Harald
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Haraldo
aka Harald Johnson
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Greg_E
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« Reply #24 on: January 14, 2007, 04:28:32 AM »
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OK, well driver should maybe be a little more generic, it's putting the LUT inside the printer which is probably the best place to put it.

By doing the single pass limit/linearization they are betting that the papers that you use will not be too far off the norm. If you have one of these printers, and a spectro, you could try some Breathing Color matte polypro signage material http://www.breathingcolor.com/bc/catalog/index.php?cPath=505 and see what happens. I find the chroma based limits to come in very soon and the density limits to go quite a bit farther. Most apparent on full cyan with my inks, the limit is something crazy like 50% after a 60% reduction. Most other materials go at around 75-90% for the Cyan after the same 60% initial reduction.


If you do try that polypro material, could you put it under hot running water for a while? Just curious how well the HP pigment inks do with water.
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ternst
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« Reply #25 on: January 14, 2007, 07:50:54 AM »
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This is a stupid question I'm sure - but why on earth would you ever want to put a work of art under hot running water?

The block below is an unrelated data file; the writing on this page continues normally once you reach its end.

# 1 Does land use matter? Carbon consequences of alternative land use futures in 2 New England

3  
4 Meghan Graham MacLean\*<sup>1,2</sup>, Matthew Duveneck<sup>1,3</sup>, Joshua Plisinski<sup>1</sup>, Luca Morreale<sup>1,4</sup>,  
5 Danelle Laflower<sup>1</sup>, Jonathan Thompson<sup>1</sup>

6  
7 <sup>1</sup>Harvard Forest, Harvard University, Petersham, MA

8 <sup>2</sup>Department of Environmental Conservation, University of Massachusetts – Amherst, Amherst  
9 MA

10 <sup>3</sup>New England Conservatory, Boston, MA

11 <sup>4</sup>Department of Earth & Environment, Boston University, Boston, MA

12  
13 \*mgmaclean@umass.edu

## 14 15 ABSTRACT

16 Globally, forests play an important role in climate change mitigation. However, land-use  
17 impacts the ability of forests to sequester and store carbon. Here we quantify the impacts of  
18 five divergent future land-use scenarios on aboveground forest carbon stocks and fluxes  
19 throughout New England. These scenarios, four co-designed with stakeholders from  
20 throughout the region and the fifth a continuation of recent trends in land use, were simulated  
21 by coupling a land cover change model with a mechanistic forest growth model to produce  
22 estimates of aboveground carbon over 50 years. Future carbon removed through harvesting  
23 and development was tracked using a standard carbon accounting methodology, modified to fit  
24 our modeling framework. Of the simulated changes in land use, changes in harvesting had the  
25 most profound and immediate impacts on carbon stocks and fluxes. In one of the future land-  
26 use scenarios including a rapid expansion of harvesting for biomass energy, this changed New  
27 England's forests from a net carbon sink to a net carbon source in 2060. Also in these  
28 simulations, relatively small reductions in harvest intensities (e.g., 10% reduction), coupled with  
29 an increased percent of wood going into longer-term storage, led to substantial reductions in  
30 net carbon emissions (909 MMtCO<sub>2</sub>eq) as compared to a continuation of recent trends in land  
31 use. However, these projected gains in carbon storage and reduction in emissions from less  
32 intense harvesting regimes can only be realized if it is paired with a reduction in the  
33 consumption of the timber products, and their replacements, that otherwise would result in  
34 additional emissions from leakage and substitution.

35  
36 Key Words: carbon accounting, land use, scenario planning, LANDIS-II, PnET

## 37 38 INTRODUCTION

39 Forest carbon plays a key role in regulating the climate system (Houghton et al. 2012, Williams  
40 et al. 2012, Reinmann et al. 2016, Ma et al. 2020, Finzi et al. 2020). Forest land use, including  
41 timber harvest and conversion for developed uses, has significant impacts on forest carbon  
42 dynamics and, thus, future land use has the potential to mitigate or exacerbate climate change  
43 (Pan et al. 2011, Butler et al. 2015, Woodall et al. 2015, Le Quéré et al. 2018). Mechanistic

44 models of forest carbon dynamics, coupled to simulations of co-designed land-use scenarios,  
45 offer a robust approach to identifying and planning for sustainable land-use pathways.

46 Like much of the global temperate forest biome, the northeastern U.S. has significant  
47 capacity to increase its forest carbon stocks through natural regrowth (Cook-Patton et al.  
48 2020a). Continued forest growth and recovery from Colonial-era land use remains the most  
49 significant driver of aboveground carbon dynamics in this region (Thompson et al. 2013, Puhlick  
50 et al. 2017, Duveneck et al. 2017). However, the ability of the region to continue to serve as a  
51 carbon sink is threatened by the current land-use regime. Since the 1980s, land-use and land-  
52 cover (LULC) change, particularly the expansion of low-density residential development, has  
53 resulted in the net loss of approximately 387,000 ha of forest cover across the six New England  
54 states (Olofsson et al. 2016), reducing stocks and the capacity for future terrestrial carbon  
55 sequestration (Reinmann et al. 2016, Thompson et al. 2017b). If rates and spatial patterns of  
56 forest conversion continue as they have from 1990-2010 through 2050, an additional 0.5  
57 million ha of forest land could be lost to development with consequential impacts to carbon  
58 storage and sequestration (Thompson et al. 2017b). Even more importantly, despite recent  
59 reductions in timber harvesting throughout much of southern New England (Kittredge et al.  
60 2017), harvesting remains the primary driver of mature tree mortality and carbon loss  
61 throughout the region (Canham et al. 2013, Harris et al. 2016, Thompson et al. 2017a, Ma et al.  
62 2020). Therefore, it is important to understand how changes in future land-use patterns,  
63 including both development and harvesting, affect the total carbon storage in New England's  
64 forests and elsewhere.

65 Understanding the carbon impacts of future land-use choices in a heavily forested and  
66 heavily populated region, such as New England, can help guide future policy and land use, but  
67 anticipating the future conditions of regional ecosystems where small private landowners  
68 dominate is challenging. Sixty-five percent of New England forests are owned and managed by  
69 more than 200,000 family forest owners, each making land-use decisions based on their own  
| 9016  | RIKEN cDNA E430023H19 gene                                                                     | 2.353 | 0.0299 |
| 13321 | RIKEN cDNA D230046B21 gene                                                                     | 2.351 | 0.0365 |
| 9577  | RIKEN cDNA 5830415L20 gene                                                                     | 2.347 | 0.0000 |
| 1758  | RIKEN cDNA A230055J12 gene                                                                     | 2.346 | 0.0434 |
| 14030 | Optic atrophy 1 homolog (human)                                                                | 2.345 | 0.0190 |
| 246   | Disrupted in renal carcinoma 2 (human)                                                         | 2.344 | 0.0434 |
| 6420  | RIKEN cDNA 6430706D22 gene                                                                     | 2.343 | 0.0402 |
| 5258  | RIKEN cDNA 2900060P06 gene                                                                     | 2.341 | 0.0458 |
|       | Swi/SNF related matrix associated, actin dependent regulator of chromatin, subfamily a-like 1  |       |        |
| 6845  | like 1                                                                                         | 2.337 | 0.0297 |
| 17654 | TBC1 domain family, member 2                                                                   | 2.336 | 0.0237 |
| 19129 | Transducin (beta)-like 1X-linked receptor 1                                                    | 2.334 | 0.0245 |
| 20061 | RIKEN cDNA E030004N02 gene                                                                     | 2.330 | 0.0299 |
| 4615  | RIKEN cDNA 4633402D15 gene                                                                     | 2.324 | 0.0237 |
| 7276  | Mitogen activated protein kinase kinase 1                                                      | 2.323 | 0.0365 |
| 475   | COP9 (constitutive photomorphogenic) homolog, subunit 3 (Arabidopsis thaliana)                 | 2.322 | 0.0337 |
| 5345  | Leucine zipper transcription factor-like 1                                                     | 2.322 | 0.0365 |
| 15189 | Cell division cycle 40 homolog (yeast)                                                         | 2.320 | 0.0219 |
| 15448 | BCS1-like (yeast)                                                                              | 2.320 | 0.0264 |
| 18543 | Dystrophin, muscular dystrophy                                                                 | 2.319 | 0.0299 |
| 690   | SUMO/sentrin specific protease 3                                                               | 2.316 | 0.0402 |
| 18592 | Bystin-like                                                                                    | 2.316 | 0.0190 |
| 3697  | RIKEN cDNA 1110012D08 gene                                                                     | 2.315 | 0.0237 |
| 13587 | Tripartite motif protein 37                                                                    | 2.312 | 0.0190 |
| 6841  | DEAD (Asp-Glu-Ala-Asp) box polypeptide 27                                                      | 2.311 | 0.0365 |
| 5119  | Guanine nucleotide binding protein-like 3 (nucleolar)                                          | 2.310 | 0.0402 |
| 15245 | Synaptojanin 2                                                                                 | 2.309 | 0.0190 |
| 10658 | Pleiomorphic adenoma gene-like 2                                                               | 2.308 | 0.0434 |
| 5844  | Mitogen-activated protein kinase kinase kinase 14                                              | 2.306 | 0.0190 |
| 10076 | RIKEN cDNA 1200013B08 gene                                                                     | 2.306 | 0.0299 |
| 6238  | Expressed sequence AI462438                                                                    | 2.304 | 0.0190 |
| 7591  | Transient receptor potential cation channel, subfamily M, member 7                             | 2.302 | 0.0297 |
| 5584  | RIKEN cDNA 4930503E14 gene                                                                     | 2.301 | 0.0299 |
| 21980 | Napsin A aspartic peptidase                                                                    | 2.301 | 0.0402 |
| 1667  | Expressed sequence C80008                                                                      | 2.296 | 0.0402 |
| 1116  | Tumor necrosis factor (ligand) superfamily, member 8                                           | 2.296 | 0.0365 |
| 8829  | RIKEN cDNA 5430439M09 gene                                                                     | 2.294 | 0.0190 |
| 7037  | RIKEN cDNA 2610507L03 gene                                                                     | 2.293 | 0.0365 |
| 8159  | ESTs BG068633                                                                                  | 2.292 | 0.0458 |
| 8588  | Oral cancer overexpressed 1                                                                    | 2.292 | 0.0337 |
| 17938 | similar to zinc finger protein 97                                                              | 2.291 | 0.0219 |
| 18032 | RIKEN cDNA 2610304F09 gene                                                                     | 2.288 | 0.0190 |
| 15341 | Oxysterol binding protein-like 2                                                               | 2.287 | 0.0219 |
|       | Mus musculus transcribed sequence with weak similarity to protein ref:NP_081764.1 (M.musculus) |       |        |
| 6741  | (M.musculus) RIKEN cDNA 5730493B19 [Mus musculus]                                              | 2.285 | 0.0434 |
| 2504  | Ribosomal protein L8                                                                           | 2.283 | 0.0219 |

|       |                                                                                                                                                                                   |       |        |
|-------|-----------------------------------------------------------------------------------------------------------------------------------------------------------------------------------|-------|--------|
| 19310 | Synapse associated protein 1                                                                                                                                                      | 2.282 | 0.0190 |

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Greg_E
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« Reply #26 on: January 14, 2007, 11:37:09 AM »
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To see what happens when the sprinkler system at the gallery fails and douses your work  . To see what happens in very humid environments  . Because you are a sadist and just like to do things like this.  

Yes I do use papers and inks that will survive a sprinkler malfunction. As long as the water coming out is clean, they will dry with no visible changes (just like a painting). To me this is important. If they don't dry completly flat, then you can steam press them back into shape


 


 

 

For signage on the material above, it is rated to be outdoor material, so it is all up to your inks when it rains. Most of the modern pigment inks should work on that material with minimum run off.
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francofit
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« Reply #27 on: January 14, 2007, 05:51:59 PM »
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[...]Yes I do use papers and inks that will survive a sprinkler malfunction. As long as the water coming out is clean, they will dry with no visible changes (just like a painting). To me this is important. [...]
[{POST_SNAPBACK}][/a]
Not sure if the HP specs could satisfy all your requirements...  
anyhow, for those interested,
HP Vivera pigment inks + some papers are rated as water resistant (by HP and/or [a href=\"http://www.wilhelm-research.com]WIR[/url]),
being "water resistant" defined by HP as:

" [...]HP uses ISO and internally developed tests and considers prints which pass the following tests to be water resistant : ISO standing water, water spray, water drip, and wet smudge. "

I have read the above from: http://www.hp.com/go/supplies/printpermanence
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Franco